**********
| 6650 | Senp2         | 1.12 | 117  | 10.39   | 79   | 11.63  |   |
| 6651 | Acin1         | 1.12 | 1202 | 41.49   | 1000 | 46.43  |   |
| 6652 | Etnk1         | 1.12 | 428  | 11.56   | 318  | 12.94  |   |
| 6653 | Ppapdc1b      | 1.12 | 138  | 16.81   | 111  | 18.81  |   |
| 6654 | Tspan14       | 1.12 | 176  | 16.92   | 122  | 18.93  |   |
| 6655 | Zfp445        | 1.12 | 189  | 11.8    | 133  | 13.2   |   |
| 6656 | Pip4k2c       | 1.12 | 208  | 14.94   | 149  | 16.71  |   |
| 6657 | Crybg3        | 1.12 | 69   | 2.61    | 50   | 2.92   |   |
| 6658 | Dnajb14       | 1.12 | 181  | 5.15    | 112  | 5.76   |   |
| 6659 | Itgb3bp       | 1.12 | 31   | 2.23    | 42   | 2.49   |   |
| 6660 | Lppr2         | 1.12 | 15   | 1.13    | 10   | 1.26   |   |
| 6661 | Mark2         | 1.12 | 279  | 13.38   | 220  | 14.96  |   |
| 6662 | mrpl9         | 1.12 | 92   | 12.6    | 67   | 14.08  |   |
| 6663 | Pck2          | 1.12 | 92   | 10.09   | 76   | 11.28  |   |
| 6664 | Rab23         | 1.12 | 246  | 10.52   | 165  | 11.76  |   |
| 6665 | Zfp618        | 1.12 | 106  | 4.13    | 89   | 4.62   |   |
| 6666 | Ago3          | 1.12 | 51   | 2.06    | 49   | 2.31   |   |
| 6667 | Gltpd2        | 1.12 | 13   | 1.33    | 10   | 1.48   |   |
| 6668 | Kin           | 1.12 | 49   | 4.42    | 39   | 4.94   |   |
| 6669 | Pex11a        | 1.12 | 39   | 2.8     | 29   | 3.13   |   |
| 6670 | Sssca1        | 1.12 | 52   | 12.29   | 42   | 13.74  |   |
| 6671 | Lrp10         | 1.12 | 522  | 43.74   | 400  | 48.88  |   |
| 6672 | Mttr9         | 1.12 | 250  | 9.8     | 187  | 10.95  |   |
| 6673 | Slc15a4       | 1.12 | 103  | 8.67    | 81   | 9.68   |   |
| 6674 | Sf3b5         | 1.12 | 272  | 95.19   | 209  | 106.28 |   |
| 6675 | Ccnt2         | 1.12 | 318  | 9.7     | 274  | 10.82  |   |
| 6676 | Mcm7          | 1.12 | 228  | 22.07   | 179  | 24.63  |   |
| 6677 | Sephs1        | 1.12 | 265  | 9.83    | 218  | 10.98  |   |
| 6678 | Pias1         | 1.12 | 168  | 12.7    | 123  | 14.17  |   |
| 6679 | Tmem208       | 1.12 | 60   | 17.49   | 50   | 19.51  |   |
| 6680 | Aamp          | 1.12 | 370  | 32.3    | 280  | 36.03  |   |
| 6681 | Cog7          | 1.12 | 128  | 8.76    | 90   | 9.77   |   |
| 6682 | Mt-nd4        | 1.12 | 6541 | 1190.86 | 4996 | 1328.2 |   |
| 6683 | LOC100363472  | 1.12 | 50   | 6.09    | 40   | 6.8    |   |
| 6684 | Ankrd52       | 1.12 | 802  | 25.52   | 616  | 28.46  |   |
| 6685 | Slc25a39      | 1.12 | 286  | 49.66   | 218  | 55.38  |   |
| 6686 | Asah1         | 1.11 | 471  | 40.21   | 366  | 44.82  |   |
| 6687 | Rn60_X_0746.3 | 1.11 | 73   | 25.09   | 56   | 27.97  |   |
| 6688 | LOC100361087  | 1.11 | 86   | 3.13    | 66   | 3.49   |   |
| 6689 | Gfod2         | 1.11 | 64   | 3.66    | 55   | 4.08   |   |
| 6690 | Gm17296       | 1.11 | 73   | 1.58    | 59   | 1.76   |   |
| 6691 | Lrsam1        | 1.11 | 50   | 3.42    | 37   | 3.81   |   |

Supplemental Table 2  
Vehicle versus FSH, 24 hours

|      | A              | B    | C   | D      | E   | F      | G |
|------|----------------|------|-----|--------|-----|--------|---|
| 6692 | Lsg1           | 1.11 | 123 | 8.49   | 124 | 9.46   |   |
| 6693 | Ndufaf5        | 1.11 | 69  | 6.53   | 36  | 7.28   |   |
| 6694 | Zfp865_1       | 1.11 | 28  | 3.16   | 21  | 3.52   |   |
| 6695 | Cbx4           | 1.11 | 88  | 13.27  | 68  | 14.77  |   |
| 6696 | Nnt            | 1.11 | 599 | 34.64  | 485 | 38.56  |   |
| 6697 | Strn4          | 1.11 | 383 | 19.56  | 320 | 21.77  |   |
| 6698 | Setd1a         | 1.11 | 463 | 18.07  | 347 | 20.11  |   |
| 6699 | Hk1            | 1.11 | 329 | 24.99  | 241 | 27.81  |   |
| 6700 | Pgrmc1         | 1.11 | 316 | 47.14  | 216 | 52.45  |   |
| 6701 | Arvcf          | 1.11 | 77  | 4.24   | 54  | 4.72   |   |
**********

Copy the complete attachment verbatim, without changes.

| 6650 | Senp2         | 1.12 | 117  | 10.39   | 79   | 11.63  |   |
| 6651 | Acin1         | 1.12 | 1202 | 41.49   | 1000 | 46.43  |   |
| 6652 | Etnk1         | 1.12 | 428  | 11.56   | 318  | 12.94  |   |
| 6653 | Ppapdc1b      | 1.12 | 138  | 16.81   | 111  | 18.81  |   |
| 6654 | Tspan14       | 1.12 | 176  | 16.92   | 122  | 18.93  |   |
| 6655 | Zfp445        | 1.12 | 189  | 11.8    | 133  | 13.2   |   |
| 6656 | Pip4k2c       | 1.12 | 208  | 14.94   | 149  | 16.71  |   |
| 6657 | Crybg3        | 1.12 | 69   | 2.61    | 50   | 2.92   |   |
| 6658 | Dnajb14       | 1.12 | 181  | 5.15    | 112  | 5.76   |   |
| 6659 | Itgb3bp       | 1.12 | 31   | 2.23    | 42   | 2.49   |   |
| 6660 | Lppr2         | 1.12 | 15   | 1.13    | 10   | 1.26   |   |
| 6661 | Mark2         | 1.12 | 279  | 13.38   | 220  | 14.96  |   |
| 6662 | mrpl9         | 1.12 | 92   | 12.6    | 67   | 14.08  |   |
| 6663 | Pck2          | 1.12 | 92   | 10.09   | 76   | 11.28  |   |
| 6664 | Rab23         | 1.12 | 246  | 10.52   | 165  | 11.76  |   |
| 6665 | Zfp618        | 1.12 | 106  | 4.13    | 89   | 4.62   |   |
| 6666 | Ago3          | 1.12 | 51   | 2.06    | 49   | 2.31   |   |
| 6667 | Gltpd2        | 1.12 | 13   | 1.33    | 10   | 1.48   |   |
| 6668 | Kin           | 1.12 | 49   | 4.42    | 39   | 4.94   |   |
| 6669 | Pex11a        | 1.12 | 39   | 2.8     | 29   | 3.13   |   |
| 6670 | Sssca1        | 1.12 | 52   | 12.29   | 42   | 13.74  |   |
| 6671 | Lrp10         | 1.12 | 522  | 43.74   | 400  | 48.88  |   |
| 6672 | Mttr9         | 1.12 | 250  | 9.8     | 187  | 10.95  |   |
| 6673 | Slc15a4       | 1.12 | 103  | 8.67    | 81   | 9.68   |   |
| 6674 | Sf3b5         | 1.12 | 272  | 95.19   | 209  | 106.28 |   |
| 6675 | Ccnt2         | 1.12 | 318  | 9.7     | 274  | 10.82  |   |
| 6676 | Mcm7          | 1.12 | 228  | 22.07   | 179  | 24.63  |   |
| 6677 | Sephs1        | 1.12 | 265  | 9.83    | 218  | 10.98  |   |
| 6678 | Pias1         | 1.12 | 168  | 12.7    | 123  | 14.17  |   |
| 6679 | Tmem208       | 1.12 | 60   | 17.49   | 50   | 19.51  |   |
| 6680 | Aamp          | 1.12 | 370  | 32.3    | 280  | 36.03  |   |
| 6681 | Cog7          | 1.12 | 128  | 8.76    | 90   | 9.77   |   |
| 6682 | Mt-nd4        | 1.12 | 6541 | 1190.86 | 4996 | 1328.2 |   |
| 6683 | LOC100363472  | 1.12 | 50   | 6.09    | 40   | 6.8    |   |
| 6684 | Ankrd52       | 1.12 | 802  | 25.52   | 616  | 28.46  |   |
| 6685 | Slc25a39      | 1.12 | 286  | 49.66   | 218  | 55.38  |   |
| 6686 | Asah1         | 1.11 | 471  | 40.21   | 366  | 44.82  |   |
| 6687 | Rn60_X_0746.3 | 1.11 | 73   | 25.09   | 56   | 27.97  |   |
| 6688 | LOC100361087  | 1.11 | 86   | 3.13    | 66   | 3.49   |   |
| 6689 | Gfod2         | 1.11 | 64   | 3.66    | 55   | 4.08   |   |
| 6690 | Gm17296       | 1.11 | 73   | 1.58    | 59   | 1.76   |   |
| 6691 | Lrsam1        | 1.11 | 50   | 3.42    | 37   | 3.81   |   |

Supplemental Table 2  
Vehicle versus FSH, 24 hours

|      | A              | B    | C   | D      | E   | F      | G |
|------|----------------|------|-----|--------|-----|--------|---|
| 6692 | Lsg1           | 1.11 | 123 | 8.49   | 124 | 9.46   |   |
| 6693 | Ndufaf5        | 1.11 | 69  | 6.53   | 36  | 7.28   |   |
| 6694 | Zfp865_1       | 1.11 | 28  | 3.16   | 21  | 3.52   |   |
| 6695 | Cbx4           | 1.11 | 88  | 13.27  | 68  | 14.77  |   |
| 6696 | Nnt            | 1.11 | 599 | 34.64  | 485 | 38.56  |   |
| 6697 | Strn4          | 1.11 | 383 | 19.56  | 320 | 21.77  |   |
| 6698 | Setd1a         | 1.11 | 463 | 18.07  | 347 | 20.11  |   |
| 6699 | Hk1            | 1.11 | 329 | 24.99  | 241 | 27.81  |   |
| 6700 | Pgrmc1         | 1.11 | 316 | 47.14  | 216 | 52.45  |   |
| 6701 | Arvcf          | 1.11 | 77  | 4.24   | 54  | 4.72   |   |